Wellingborough & Kettering News, January 15th, 1881, transcribed by Kay Collins

LIBERAL ASSOCIATION—A lecture in connection with the Rushden Liberal Association was delivered in the Temperance Hall on Tuesday last by E. F. A. Briggs, Esq., the subject being "1830 to 1880, or50 years work of the Liberal Party." There was a good attendance, and the lecture was listened to with great interest.

Wellingborough & Kettering News, February 12th, 1881, transcribed by Kay Collins

LECTURE—On Thursday evening, February 3rd, a lecture was given in the Temperance Hall, by Mr. Kingsley, of the Manchester Reform Union, entitled "Local Self Government."
Mr. W. Wilkins, president of the Liberal Association, presided.

Wellingborough & Kettering News, December 24th, 1881, transcribed by Kay Collins

LIBERAL ASSOCIATION—A meeting was held in the Temperance Hall on Wednesday evening. There was a good attendance. Mr. W. Wilkins presided. Mr. G. Denton read a paper on vaccination, and Mr. N. Crick read a paper on the contra side. The Rev. G. Pung, and Messrs. C. L. Bradfield, W. Clarke, C. Freeman, F. Vorley, T. Wilmott, and the Chairman also spoke on the subject. At the close a resolution was passed that in the opinion of this meeting the compulsory Vaccination Act ought to be repealed.

The Argus, 13th December 1889, transcribed by Kay Collins

Notes of the Week
After the Tory meeting of last week the Liberals are naturally looking forward to their meeting next Tuesday. It was hoped that Mr. Channing would be able to be present but we regret to announce that owing to the death of his mother, he has been obliged to cancel the engagement. It is only a few months since that Mr Channing lost his sister (Lady Arnold) by death, so that this second domestic bereavement is additionally painful. In this expression of sympathy we feel sure our readers of all shades of opinion will concur.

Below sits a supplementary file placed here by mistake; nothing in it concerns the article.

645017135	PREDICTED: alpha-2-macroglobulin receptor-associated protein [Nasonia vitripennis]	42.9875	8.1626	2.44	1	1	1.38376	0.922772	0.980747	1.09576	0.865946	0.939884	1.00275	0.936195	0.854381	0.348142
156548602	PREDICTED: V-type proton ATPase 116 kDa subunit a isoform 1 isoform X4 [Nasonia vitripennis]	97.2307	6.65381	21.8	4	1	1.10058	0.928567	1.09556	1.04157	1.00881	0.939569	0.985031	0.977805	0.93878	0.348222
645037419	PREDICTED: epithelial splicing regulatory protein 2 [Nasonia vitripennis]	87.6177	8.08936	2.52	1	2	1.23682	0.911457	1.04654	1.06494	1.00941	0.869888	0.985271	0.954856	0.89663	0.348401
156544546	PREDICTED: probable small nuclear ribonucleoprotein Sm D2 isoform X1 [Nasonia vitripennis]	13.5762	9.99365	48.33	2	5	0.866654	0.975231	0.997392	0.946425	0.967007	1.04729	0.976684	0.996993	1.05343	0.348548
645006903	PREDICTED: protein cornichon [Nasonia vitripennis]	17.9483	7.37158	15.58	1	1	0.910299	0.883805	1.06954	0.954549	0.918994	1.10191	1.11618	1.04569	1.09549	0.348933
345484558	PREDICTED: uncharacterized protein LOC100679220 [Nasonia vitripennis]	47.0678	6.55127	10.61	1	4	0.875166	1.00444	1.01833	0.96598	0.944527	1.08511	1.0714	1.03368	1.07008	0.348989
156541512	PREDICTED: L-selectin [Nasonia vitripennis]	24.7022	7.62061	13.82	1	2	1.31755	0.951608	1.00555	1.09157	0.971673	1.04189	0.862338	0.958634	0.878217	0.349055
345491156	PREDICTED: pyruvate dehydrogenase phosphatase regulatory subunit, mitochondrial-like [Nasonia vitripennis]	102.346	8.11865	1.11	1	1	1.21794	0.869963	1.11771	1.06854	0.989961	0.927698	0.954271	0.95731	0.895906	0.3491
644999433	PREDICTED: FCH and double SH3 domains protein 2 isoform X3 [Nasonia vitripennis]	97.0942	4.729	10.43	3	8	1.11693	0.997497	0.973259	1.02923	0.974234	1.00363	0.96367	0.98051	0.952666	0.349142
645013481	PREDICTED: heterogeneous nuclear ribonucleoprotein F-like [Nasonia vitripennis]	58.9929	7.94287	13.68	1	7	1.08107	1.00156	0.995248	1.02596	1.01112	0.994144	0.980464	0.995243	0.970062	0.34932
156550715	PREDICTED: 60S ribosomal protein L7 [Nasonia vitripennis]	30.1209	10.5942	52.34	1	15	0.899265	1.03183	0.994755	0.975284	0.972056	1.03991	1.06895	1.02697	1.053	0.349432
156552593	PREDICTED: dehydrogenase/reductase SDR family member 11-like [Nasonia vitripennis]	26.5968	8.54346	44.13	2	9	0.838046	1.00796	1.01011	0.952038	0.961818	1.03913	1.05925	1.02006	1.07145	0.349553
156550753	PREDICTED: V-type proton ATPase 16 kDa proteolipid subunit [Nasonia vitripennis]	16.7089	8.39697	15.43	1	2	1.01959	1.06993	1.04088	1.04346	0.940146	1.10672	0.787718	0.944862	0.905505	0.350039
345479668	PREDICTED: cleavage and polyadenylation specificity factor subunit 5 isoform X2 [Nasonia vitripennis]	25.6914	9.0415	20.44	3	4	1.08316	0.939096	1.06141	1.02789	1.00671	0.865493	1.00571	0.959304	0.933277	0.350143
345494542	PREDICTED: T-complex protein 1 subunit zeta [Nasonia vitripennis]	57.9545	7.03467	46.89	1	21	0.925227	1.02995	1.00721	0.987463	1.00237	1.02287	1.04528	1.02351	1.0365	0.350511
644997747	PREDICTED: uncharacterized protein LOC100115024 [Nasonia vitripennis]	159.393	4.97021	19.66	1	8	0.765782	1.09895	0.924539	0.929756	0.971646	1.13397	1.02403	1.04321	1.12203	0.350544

The meeting, which is to be presided over by Mr. G. Denton, will have the pleasure of listening to a powerful platform orator, Mr. Handel Cossham, M.P., for East Bristol, who for half a century has been an earnest supporter of Radical reforms.

The Argus, 28th February 1890, transcribed by Kay Collins

Rushden Liberals had a treat on Tuesday, when they were favoured with another visit from Mr. Joseph Arch, the champion of the agricultural labourers. It was a novelty to see a clergyman of the Establishment upon the Liberal platform. Too often they appear to be the mere echoes of the upper classes, but the Rev. G. P. Soames by his excellent speech proved himself to be a man who does not think it necessary to lend himself exclusively to uphold the powers that be, but deems it his duty to work for the benefit of the poorer classes in the community. The rev. gentleman received quite an ovation at the close of his speech. Mr. Arch, too, was well received, and his humorous allusions during the course of his address excited much laughter. The meeting was a decided success.